Homo Erasmus: or, Pointless Exchanges

Article published on Nov. 20, 2013
Article published on Nov. 20, 2013

The Eras­mus pro­gramme has raised many ques­tions over the last three decades. However, for the first time, its legitimacy is being questioned. In his satir­i­cal novel, the 23-year-old French stu­dent Leos Van Mel­cke­beke paints a grotesque and ap­palling pic­ture of "Homo er­asmus." We in­ter­viewed the con­tro­ver­sial au­thor, who is not afraid to speak his mind.

cafébabel: How did the idea for this novel come about?​

Leos Van Mel­cke­beke (LVM): I was 21. I was around Eras­mus stu­dents when I started an Ital­ian lan­guage course in Venice in prepa­ra­tion for the fol­low­ing year, which I would spend in Bologna. Dur­ing that month, very few students made an ef­fort to meet the lo­cals or to speak the lan­guage, which, after all, was the whole point of being there. So I've seen how the Eras­mus ex­change can, in re­al­ity, be noth­ing like the pos­i­tive picture painted by the flowery rhetoric. The book's role is there­fore to shine a light on the less well known elements of the Eras­mus pro­gramme.

cafébabel: What did you think of the Eras­mus pro­gramme prior to that month?

LVM: I thought it was great, and I still do. It's a bril­liant idea; I was just sur­prised by how it turned out for me and by how point­less some of the Eras­mus ex­changes were. Just

be­cause you stick 20 Eu­ro­peans in a room, it doesn't mean any­thing in­ter­est­ing will come of it. They'll usu­ally end up talk­ing dri­vel. Each stu­dent will be quick to push their coun­try's stereo­type and won't have made any mean­ing­ful con­ver­sa­tion. I've never heard, for 

ex­am­ple, a dis­cus­sion on what di­rec­tion Eu­rope should take, or the prob­lems our gen­er­a­tion have.

cafébabel: But there were some stu­dents who didn't share your views on this mat­ter, is that cor­rect?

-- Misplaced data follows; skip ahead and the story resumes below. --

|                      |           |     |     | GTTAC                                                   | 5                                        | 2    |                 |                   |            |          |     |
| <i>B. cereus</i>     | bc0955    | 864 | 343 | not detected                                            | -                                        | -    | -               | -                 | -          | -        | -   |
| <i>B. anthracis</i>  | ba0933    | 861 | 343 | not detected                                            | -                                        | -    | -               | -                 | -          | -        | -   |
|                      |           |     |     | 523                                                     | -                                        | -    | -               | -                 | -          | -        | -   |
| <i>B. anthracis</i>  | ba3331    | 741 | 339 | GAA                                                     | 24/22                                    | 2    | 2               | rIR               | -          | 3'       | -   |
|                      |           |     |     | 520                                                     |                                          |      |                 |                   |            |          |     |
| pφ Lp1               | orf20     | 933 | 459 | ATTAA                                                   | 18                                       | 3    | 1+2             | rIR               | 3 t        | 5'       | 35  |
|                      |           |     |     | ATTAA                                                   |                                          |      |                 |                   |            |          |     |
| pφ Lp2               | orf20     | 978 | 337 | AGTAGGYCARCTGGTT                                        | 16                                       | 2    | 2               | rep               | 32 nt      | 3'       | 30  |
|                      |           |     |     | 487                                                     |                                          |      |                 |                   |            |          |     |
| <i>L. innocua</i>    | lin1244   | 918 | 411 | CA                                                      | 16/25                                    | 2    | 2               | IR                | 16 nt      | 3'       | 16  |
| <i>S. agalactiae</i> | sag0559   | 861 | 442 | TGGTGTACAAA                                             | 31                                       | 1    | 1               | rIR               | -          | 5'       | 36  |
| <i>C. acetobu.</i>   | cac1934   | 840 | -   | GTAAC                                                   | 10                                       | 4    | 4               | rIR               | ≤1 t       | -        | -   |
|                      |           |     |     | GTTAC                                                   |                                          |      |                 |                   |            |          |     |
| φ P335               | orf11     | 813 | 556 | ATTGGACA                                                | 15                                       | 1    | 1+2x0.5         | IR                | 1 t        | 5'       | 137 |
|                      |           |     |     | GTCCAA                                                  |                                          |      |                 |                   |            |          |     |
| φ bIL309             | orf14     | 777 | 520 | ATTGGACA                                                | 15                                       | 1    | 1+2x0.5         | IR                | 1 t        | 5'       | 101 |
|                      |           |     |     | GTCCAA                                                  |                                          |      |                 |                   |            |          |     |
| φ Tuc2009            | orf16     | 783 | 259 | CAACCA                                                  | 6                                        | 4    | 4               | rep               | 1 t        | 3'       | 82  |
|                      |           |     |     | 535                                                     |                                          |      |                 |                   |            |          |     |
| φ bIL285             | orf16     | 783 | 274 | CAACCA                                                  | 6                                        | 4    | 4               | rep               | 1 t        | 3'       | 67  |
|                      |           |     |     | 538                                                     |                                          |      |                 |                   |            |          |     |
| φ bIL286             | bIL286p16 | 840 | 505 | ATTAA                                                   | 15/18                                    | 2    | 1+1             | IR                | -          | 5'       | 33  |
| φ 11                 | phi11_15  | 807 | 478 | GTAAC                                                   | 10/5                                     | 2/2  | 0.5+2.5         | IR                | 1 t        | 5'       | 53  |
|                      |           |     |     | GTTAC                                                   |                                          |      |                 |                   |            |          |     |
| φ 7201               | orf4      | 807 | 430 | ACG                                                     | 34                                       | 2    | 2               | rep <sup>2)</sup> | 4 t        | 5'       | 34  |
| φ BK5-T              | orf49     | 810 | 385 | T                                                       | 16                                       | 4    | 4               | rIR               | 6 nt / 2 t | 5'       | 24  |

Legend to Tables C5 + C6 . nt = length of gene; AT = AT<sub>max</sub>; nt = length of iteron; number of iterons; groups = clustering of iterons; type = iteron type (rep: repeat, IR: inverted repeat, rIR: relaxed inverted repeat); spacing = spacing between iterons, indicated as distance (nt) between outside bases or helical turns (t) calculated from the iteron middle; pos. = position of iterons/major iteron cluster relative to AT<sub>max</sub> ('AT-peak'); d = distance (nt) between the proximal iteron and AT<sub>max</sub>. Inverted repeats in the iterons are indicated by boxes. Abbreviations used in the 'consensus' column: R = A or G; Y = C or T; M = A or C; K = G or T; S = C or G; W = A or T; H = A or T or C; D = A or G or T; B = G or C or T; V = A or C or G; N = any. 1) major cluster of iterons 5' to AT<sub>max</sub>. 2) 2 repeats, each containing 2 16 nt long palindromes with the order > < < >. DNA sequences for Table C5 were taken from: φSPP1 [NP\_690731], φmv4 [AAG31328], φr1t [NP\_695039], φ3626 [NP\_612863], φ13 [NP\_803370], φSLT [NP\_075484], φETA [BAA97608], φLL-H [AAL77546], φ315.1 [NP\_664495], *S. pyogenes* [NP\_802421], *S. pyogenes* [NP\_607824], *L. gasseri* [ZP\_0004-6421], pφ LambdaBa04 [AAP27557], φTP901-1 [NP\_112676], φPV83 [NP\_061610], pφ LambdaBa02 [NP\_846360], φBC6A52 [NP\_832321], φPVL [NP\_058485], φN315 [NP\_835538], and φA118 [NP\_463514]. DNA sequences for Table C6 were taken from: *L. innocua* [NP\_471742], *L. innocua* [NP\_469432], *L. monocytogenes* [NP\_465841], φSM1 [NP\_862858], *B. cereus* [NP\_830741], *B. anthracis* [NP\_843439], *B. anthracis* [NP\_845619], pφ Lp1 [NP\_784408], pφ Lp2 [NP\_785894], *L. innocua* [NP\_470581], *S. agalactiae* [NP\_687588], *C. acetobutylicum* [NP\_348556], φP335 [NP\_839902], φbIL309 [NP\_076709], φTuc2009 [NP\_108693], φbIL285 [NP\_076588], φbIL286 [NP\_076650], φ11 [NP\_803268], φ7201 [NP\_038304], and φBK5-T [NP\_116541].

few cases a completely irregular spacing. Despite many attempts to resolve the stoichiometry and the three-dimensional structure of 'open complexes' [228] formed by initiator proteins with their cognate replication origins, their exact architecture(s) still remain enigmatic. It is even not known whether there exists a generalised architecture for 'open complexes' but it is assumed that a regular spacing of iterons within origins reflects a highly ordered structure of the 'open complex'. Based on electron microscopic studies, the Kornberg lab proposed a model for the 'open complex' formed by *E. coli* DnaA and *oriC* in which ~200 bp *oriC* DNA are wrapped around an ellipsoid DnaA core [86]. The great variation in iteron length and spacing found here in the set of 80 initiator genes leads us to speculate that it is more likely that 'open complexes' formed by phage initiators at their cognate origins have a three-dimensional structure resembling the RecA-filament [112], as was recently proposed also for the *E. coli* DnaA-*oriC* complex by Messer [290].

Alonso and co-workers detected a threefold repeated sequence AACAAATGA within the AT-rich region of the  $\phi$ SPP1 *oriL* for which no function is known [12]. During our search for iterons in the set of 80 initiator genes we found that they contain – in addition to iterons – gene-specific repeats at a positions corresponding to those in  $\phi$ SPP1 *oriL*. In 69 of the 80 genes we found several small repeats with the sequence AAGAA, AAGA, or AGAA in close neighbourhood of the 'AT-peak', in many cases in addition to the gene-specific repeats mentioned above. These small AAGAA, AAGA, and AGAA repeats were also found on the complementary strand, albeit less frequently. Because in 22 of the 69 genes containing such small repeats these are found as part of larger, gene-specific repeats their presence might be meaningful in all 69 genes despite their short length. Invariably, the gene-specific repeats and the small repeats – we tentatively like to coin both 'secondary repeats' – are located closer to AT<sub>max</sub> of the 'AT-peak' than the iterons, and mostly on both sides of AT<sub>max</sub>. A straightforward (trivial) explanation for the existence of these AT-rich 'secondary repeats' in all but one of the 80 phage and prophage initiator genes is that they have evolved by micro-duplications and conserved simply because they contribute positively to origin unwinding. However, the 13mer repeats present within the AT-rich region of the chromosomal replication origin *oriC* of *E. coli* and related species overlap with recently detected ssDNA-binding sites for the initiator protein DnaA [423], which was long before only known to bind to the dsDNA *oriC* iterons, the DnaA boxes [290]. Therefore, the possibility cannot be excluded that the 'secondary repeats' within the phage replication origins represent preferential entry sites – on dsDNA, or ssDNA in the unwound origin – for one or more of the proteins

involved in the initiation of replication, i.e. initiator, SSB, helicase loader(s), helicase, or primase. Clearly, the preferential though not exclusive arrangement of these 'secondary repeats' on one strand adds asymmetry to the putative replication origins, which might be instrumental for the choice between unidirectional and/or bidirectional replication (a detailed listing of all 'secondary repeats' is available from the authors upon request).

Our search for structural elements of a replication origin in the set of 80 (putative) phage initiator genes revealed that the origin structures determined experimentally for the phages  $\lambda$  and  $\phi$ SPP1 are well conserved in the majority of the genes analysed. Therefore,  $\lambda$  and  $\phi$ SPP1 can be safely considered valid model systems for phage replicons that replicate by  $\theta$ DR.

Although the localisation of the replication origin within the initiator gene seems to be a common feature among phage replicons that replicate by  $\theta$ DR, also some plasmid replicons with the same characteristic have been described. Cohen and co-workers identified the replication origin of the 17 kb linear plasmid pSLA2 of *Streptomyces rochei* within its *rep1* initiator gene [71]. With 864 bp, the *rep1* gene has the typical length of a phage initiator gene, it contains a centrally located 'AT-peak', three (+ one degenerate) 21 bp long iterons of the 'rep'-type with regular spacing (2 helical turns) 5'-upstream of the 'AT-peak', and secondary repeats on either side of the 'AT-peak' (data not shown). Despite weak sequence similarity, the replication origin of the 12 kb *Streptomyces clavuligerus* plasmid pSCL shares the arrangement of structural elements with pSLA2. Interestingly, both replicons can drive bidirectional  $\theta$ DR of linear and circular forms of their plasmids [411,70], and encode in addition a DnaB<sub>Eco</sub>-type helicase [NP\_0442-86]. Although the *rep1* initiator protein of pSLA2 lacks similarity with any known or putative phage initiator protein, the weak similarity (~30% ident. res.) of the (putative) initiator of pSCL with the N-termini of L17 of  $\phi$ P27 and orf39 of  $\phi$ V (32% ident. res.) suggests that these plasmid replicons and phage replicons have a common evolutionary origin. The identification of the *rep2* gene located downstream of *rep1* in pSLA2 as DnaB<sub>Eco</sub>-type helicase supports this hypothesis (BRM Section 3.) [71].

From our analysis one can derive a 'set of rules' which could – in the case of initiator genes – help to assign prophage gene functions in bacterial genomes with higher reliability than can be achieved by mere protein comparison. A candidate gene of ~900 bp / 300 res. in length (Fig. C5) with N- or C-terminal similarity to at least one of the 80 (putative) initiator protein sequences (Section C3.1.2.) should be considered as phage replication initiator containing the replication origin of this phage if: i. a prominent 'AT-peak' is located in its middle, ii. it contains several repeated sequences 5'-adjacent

LVM: Right. In Bologna, I had a real dis­cus­sion with some other stu­dents I met, there. There were peo­ple - Swiss, Ger­man or whatever - who had made the de­ci­sion to cut

them­selves off from other Eras­mus stu­dents and to meet the lo­cals. That was my rea­son for not tak­ing part in any of the un­en­rich­ing events put on by the in­fa­mous Eras­mus so­ci­eties. It's also why the book is, over­all, a com­i­cal ex­ager­a­tion of an ab­surd sit­u­a­tion.

cafébabel: So you're not just protesting against the Eras­mus pro­gramme, then?

LVM: No. It's just a re­al­is­tic ac­count to con­trast all the uni­form rhetoric pushed out there which is, in­evitably, full of praise but quite frankly is not en­tirely true. Have you spoke to other for­mer Eras­mus stu­dents? They'll all have the same sto­ries to tell.

cafébabel: The book seems al­most au­to­bi­o­graph­i­cal, de­spite not being writ­ten in the first per­son. Who is Homo Er­a­smus?

LVM: I cre­ated a char­ac­ter who would embody three types of Erasmus student. Homo Eras­mus is, first and fore­most, de­vised from some of the stu­dents I was ob­serv­ing.

Sec­ondly, he's me. And then, thirdly, he isn't any­body, by which I mean he's just a somewhat ex­ag­ger­ated con­ception of an Eras­mus stu­dent.